Case BriefsTribunals/Commissions/Regulatory Bodies

National Consumer Redressal Commission (NCDRC): The Bench of R.K. Agarwal (President and V.K. Jain and M. Shreesha, Members, while taking into consideration a batch of petitions and further referring to several decisions of the Supreme Court, reached to the conclusions that,

“Coaching Classes cannot fall within the definition of ‘Education Institutions’.”

“Any defect or deficiency or unfair trade practice pertaining to a service provider like ‘Coaching Centres’ does not fall within the jurisdiction of the Consumer Fora.”

Facts in the present case are in respect to deficiency of services by an educational institution that is a Dental College for admitting students when it was neither affiliated with the university nor recognized by the Dental Council of India.

Counsel appearing for the complainants stated that the facts in Buddhist Mission Dental College and Hospital v. Bhupesh Khurana, (2009) 4 SCC 473 relate to deficiency of service on account of non-affiliation and that it does not fall within any deficiency rendered during the ‘Course of Education’ being imparted ‘Post Admission’.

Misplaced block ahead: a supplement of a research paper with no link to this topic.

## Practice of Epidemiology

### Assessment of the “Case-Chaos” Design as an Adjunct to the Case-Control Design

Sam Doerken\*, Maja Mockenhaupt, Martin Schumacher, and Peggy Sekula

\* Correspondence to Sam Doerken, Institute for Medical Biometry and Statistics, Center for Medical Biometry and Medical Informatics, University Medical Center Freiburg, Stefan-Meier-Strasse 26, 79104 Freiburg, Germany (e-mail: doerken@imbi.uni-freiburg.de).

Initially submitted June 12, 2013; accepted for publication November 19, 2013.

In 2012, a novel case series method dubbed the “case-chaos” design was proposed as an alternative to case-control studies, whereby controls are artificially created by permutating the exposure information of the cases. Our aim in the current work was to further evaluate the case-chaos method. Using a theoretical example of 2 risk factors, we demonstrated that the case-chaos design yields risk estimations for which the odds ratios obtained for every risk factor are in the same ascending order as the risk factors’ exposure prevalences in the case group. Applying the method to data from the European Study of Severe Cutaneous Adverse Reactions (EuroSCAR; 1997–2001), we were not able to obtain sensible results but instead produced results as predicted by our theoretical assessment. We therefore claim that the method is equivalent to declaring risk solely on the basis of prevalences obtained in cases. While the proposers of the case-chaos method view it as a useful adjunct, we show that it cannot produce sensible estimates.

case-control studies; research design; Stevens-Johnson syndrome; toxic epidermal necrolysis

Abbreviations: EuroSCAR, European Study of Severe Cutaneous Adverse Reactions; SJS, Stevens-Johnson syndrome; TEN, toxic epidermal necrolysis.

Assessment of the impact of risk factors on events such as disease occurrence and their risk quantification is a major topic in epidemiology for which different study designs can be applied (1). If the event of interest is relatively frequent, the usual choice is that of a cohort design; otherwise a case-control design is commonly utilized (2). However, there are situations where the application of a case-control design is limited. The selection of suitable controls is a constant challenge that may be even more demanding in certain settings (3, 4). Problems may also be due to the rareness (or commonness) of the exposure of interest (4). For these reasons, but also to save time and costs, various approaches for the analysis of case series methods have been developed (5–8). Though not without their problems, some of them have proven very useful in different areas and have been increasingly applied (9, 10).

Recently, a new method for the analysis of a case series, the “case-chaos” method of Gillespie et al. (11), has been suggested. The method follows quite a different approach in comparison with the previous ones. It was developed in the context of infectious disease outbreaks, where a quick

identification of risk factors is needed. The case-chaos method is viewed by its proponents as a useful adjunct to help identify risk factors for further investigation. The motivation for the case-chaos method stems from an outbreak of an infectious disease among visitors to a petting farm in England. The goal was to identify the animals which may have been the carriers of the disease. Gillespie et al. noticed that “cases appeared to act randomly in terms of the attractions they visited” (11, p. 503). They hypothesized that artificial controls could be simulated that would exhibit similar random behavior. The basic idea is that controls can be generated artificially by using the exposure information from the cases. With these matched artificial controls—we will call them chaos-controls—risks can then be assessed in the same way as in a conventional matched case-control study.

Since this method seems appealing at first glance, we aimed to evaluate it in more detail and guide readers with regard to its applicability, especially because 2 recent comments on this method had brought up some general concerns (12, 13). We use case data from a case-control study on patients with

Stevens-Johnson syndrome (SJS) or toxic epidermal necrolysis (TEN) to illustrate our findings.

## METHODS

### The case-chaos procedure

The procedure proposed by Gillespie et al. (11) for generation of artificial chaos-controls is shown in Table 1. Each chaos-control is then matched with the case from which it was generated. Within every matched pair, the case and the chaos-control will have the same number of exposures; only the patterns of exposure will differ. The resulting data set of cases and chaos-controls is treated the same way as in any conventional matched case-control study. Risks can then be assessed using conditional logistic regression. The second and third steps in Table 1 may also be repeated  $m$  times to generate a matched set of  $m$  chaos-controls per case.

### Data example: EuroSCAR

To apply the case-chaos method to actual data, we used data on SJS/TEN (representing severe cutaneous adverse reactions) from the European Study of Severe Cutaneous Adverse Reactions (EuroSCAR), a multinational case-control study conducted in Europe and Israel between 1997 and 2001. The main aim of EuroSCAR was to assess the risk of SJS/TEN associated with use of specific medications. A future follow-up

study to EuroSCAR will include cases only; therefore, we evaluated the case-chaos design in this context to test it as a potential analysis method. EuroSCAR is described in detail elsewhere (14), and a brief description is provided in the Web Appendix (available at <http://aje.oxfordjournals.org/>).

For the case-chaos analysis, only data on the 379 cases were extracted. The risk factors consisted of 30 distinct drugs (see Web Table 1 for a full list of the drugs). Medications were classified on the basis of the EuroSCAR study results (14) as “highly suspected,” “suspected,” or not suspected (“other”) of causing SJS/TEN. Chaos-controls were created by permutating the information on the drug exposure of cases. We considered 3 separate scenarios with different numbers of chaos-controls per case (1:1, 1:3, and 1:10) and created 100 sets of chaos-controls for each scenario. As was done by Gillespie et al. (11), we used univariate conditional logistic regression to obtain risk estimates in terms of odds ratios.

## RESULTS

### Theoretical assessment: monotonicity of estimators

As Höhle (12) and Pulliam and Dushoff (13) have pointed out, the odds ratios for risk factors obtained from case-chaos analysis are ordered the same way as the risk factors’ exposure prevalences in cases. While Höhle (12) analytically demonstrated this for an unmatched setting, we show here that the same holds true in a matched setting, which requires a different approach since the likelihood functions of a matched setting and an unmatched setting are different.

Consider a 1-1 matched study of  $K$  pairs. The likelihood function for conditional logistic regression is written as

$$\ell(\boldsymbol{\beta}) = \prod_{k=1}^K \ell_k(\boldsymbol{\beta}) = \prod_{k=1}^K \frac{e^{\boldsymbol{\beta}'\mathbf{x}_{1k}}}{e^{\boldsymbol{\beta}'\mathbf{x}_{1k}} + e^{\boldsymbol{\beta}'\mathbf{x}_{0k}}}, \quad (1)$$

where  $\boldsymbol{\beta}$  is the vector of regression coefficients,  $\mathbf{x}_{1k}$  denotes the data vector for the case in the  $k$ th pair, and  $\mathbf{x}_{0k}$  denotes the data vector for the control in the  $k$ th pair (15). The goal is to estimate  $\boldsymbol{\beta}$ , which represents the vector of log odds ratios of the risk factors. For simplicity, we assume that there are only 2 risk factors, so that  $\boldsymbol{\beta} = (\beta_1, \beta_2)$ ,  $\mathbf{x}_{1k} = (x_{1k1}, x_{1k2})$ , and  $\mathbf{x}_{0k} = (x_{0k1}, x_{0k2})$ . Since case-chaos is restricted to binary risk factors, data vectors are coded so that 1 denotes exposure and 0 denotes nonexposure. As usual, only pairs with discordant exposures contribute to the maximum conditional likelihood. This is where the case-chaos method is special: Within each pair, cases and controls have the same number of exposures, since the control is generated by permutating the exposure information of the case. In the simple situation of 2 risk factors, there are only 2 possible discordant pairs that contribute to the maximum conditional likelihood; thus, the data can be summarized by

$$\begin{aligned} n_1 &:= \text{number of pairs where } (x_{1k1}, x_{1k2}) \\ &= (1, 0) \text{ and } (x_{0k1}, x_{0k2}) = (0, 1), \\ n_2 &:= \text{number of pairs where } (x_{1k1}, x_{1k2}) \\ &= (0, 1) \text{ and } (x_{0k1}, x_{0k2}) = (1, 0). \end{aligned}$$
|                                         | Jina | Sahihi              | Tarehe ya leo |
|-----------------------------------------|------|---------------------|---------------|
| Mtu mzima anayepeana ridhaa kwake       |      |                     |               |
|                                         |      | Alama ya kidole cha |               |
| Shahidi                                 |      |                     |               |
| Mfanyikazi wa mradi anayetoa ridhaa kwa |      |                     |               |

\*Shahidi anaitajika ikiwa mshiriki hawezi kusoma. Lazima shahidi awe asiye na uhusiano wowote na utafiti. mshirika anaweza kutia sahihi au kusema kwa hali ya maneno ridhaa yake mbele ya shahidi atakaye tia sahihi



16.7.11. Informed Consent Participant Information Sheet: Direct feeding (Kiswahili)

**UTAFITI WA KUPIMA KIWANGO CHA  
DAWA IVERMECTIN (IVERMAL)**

OP University has indulged in deficiency of service and unfair trade practice.


OPs Counsel placed reliance on Supreme Court’s decision in P.T. Koshy v. Ellen Charitable Trust, 2012 (3) CPC 615 (SC), and stated that students are not ‘Consumers’ and ‘Education’ is not a commodity and the Educational Institutions are not rendering ‘Service’.

Counsel appearing for the Complainant’s while referred to P. Sreenivasulu v. P.J. Alexander, wherein it was held that Educational Institutions would come within the purview of the Consumer Protection Act, 1986 and that Education is a ‘service’.

Analysis and Decision

Commission addressed the ratio laid down by the Supreme Court in a catena of Judgments with respect to ‘Education’ and ‘Educational Services’ vis-a-vis Consumer Protection Act, 1986.

Bihar School Examination Board v. Suresh Prasad Sinha, (2009) 8 SCC 483,

“…Any dispute relating to fault in holding of examination and non-declaration of result by an examinee does not fall within the purview of the Consumer Protection Act, 1986.”

Maharshi Dayanand University v. Surjeet Kaur, (2010) 11 SCC 159,

“…Supreme Court in the above-stated case examined in detail the jurisdiction of the Consumer Fora to entertain a Complaint with respect to deficiency of service by Educational Institutions.”

While noting the contention that Supreme Court clearly culls down the principles and has emphatically laid down that student is not a consumer and educational institutions are not providing any ‘Service’, Supreme Court’s decision in P.T. Koshy v. Ellen Charitable Trust, 2012 (3) CPC 615 (SC) was referred to wherein it was held that,

“…Educational Institutions are not providing any kind of service, therefore, in matter of admission, fees, etc., there cannot be a kind of service, therefore, in matter of admission, fee, etc., there cannot be a question of deficiency of service. Such matters cannot be entertained by the Consumer Forum under the Consumer Protection Act, 1986.”